LTSpice opamp models (LM324)

Thread Starter

DavidInOz

Joined Nov 8, 2022
8
My very first post, so please be gentle!

I am doing an analog design where I want to use an LM324 single supply opamp. So I decided to have crack at LTSPice. I realise LTSpice does not come with a model for that, so I must find and add in my own. Even that process seems onerous, on top of the learning curve for LTSpice itself.

I wanted to model this design specifically because it will be pushing the limits on the LM324, especially output voltage swing. So my question is this:

If I go through a long learning curve and get an LM324 model installed, will it reasonably accurately reproduce the non-linear imperfections? I'd hate to spend hours learning how to use it only to discover it won't do it.

Yes, I realise there are multiple LM324 models out there, so maybe the question should be whether there is a model that does simulate such characteristics.

TIA
 

Audioguru again

Joined Oct 21, 2019
5,416
All opamps including the lousy old LM324 have a range of specs. Some have high current, some have typical lower current and some have low current. Some are sensitive and some are not sensitive.
BUT a simulator model is usually an opamp with 'typical" specs then a low one and a high one will simulate differently.
 

WBahn

Joined Mar 31, 2012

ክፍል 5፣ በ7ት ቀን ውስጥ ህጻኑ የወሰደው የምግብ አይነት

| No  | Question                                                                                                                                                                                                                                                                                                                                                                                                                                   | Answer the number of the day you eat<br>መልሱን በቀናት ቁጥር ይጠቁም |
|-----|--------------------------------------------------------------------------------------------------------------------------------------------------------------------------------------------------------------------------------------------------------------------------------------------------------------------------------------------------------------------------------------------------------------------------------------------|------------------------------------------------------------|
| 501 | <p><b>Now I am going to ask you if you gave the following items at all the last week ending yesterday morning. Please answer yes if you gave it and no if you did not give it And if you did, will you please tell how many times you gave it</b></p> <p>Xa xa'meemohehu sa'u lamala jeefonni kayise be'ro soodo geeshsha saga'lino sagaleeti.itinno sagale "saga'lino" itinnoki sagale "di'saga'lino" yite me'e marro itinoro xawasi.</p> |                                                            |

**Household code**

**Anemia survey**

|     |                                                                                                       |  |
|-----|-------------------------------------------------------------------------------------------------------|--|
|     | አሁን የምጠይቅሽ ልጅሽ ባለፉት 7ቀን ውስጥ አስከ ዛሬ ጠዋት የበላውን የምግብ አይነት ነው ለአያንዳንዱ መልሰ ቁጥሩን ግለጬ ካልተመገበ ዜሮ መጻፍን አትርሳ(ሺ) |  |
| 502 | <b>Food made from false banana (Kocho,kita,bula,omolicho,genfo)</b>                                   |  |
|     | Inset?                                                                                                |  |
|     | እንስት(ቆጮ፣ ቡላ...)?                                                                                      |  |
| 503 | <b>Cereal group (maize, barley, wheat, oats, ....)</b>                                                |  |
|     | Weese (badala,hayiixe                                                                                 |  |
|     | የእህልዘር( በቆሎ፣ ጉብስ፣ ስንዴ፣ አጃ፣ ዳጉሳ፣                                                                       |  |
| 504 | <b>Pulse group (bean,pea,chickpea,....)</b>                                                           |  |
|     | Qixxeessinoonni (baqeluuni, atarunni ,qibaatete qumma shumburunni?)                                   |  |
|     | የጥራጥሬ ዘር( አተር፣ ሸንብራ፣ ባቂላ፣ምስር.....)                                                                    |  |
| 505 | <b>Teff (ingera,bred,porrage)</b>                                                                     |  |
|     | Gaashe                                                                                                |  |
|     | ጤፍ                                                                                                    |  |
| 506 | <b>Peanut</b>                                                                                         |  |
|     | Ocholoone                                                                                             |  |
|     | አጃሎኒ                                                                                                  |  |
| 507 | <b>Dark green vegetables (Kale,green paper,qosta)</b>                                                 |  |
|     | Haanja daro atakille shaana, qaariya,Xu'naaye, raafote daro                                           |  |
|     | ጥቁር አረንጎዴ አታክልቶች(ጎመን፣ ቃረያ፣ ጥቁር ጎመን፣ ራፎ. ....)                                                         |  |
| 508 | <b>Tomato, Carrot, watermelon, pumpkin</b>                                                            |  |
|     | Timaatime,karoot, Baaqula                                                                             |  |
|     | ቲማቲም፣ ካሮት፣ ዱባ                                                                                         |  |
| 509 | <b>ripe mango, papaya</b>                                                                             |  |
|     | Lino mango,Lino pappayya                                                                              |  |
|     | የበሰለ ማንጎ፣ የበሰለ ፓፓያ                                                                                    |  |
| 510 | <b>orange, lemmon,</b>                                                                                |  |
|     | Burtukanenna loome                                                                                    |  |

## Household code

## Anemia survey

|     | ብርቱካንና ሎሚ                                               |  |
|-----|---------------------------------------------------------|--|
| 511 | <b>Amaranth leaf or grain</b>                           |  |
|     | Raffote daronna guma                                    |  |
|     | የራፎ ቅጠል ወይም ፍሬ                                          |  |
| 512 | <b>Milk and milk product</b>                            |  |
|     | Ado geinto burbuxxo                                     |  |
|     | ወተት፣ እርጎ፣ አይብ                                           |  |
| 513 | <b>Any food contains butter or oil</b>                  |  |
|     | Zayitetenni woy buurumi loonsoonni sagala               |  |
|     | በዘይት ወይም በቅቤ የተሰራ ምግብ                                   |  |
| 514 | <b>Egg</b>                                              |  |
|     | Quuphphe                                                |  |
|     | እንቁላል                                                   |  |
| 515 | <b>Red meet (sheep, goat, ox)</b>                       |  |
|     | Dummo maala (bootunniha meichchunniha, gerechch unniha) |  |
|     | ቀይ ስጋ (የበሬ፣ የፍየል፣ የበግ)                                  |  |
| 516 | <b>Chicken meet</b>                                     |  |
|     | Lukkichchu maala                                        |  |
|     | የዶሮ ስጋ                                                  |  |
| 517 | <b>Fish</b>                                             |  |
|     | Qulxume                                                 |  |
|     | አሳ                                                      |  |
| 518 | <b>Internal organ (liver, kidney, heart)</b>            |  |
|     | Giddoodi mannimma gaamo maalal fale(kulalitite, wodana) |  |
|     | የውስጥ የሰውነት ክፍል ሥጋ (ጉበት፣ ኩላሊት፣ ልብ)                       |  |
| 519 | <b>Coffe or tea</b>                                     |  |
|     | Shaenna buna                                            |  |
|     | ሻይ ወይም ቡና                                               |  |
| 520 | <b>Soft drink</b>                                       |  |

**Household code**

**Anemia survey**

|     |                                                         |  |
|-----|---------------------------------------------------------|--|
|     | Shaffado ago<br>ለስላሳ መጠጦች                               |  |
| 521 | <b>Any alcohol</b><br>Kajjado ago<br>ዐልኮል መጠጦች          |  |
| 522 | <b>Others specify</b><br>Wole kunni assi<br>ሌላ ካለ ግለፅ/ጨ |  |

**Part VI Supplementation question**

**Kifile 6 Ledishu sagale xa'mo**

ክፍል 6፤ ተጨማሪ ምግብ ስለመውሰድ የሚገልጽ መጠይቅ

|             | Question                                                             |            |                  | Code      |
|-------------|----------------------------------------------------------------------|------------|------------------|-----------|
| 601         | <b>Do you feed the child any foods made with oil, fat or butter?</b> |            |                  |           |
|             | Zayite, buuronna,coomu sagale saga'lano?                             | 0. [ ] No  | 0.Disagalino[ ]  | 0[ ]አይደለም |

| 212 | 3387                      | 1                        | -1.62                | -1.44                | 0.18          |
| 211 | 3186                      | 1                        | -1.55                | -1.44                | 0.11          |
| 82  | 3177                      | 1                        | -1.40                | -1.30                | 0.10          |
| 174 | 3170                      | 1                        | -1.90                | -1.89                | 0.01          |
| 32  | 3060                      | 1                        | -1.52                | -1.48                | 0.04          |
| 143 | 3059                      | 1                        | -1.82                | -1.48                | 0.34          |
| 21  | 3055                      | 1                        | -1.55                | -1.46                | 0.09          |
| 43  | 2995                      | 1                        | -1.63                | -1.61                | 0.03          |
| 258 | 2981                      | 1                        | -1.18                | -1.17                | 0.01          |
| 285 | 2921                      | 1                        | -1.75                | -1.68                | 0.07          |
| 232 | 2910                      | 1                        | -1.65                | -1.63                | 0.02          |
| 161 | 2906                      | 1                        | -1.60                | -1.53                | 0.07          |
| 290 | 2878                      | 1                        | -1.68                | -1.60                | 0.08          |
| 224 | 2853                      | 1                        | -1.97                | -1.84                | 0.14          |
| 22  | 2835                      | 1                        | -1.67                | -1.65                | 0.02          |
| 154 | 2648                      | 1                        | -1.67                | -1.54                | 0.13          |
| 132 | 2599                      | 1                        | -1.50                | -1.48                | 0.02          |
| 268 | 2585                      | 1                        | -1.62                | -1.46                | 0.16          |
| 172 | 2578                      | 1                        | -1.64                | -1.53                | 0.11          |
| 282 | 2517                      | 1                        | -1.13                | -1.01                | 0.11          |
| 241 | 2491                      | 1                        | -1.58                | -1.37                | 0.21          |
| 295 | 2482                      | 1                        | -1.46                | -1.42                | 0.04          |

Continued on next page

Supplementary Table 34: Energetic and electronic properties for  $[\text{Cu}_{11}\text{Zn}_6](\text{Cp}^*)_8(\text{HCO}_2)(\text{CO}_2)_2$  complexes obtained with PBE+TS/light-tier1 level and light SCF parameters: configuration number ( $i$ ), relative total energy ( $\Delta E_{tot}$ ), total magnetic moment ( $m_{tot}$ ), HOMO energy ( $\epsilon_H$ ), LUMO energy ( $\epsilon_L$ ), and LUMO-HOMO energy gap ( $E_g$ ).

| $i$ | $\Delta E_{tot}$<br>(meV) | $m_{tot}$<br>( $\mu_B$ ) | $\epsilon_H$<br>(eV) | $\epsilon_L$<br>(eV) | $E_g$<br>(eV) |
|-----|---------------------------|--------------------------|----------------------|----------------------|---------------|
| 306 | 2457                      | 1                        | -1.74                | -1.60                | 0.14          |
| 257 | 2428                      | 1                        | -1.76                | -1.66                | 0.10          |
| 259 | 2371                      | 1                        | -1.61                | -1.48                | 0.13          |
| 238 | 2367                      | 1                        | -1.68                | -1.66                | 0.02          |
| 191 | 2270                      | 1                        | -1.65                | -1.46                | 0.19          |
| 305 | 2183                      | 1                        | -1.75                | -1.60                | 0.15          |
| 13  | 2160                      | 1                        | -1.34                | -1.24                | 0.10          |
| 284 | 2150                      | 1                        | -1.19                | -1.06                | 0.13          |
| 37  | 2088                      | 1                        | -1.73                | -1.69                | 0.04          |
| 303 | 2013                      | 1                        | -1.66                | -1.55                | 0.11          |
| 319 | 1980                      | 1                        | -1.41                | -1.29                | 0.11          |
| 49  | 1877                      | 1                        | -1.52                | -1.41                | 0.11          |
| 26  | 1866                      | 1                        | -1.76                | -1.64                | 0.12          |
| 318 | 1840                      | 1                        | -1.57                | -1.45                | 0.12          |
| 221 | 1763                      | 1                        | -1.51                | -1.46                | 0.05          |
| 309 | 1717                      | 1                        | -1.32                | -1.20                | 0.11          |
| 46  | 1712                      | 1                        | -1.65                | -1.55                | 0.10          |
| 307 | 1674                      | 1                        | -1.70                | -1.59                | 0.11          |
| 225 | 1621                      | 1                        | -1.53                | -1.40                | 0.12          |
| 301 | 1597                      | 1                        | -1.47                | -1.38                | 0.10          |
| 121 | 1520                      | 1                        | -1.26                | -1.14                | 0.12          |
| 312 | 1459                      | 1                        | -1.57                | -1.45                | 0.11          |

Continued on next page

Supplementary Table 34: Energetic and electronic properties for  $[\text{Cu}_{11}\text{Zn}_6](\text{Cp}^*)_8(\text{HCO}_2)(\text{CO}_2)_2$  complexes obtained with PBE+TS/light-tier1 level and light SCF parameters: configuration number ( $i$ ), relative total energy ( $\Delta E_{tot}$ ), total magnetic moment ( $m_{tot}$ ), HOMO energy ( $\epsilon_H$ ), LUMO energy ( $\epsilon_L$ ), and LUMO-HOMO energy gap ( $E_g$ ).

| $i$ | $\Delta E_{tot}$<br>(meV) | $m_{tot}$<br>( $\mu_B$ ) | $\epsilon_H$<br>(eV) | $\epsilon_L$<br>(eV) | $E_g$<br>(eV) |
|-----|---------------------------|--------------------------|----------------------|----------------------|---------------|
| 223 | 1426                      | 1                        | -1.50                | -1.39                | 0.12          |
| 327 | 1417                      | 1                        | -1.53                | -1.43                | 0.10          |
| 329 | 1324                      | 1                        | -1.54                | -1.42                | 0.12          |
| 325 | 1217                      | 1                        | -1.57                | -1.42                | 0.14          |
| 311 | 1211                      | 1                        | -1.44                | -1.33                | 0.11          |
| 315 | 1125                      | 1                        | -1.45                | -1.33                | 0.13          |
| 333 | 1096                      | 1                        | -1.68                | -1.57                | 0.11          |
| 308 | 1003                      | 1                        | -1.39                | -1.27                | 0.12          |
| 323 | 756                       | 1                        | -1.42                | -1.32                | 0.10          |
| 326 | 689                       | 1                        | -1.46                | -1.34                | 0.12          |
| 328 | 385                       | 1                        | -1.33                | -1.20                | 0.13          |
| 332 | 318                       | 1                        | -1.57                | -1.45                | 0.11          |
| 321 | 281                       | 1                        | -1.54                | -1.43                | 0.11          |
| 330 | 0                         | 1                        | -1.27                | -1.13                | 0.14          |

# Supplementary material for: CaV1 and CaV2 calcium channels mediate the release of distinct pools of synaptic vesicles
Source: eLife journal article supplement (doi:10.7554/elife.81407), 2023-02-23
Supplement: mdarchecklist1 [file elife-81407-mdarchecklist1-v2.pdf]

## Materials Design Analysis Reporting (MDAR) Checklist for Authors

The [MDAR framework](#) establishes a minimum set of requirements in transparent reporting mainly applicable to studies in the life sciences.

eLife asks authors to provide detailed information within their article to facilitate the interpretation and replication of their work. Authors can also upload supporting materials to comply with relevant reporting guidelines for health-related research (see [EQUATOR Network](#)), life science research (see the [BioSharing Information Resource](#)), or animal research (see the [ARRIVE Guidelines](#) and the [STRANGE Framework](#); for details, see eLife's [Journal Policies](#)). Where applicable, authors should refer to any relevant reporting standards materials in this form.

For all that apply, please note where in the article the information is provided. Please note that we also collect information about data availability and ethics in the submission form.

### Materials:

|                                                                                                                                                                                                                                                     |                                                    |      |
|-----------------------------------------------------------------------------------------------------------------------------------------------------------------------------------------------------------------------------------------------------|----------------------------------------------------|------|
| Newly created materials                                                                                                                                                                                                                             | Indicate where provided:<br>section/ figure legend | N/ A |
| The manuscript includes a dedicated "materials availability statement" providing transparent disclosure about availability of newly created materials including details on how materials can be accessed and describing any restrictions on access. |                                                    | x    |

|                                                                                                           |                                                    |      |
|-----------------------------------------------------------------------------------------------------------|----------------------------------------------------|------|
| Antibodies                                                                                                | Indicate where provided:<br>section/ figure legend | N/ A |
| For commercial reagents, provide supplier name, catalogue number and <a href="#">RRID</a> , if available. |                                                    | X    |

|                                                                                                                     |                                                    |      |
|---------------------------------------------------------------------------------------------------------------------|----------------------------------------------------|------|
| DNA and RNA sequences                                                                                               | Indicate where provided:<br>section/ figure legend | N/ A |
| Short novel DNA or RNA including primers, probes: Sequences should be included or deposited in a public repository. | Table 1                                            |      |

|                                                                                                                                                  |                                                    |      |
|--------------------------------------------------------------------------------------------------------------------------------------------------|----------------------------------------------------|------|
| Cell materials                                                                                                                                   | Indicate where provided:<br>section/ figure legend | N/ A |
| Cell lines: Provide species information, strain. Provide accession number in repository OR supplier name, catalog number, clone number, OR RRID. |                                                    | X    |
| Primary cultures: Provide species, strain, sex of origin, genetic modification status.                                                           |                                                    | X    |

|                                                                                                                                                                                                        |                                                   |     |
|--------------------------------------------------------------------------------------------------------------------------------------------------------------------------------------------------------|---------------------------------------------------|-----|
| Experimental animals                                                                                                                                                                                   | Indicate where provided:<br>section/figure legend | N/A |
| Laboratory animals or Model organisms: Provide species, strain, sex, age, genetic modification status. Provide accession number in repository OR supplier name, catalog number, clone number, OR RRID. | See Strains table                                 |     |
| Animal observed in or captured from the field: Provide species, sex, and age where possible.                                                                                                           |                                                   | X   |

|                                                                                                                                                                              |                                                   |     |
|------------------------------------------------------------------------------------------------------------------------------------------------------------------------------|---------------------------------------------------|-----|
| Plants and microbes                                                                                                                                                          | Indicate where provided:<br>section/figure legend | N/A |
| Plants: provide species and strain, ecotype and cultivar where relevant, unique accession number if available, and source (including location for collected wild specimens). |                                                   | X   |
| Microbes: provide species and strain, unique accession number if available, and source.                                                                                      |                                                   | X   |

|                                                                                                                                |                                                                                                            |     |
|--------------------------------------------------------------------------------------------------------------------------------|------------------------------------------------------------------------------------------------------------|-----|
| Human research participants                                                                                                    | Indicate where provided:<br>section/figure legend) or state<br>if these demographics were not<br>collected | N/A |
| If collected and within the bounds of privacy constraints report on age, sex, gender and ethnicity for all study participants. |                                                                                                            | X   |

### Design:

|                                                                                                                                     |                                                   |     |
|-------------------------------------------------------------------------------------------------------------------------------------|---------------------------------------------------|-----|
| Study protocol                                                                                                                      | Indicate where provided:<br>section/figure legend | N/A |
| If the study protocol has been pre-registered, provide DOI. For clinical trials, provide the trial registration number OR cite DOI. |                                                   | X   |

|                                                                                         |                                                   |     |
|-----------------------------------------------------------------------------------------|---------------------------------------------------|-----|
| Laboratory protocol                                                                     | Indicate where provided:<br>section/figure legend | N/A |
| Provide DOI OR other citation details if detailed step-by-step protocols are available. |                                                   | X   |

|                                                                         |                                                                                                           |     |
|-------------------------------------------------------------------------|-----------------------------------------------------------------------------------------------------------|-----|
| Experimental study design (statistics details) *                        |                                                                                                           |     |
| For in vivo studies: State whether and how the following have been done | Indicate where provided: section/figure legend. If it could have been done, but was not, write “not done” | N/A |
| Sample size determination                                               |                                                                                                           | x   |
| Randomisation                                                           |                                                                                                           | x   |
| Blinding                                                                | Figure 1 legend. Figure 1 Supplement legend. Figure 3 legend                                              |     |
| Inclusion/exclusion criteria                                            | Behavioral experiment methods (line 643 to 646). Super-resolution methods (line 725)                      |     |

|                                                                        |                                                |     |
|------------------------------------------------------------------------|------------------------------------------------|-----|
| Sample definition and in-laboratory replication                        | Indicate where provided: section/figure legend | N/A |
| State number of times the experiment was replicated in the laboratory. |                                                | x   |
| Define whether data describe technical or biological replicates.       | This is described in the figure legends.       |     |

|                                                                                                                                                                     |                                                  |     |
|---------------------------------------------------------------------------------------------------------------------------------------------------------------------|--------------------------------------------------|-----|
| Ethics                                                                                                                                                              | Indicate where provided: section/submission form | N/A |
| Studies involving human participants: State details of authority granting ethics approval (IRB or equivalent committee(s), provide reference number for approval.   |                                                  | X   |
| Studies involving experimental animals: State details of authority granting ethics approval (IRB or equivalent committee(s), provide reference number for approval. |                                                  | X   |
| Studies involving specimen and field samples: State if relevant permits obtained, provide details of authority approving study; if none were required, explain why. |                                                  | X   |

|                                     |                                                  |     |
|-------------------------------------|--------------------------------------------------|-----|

27,880
My very first post, so please be gentle!

I am doing an analog design where I want to use an LM324 single supply opamp. So I decided to have crack at LTSPice. I realise LTSpice does not come with a model for that, so I must find and add in my own. Even that process seems onerous, on top of the learning curve for LTSpice itself.

I wanted to model this design specifically because it will be pushing the limits on the LM324, especially output voltage swing. So my question is this:

If I go through a long learning curve and get an LM324 model installed, will it reasonably accurately reproduce the non-linear imperfections? I'd hate to spend hours learning how to use it only to discover it won't do it.

Yes, I realise there are multiple LM324 models out there, so maybe the question should be whether there is a model that does simulate such characteristics.

TIA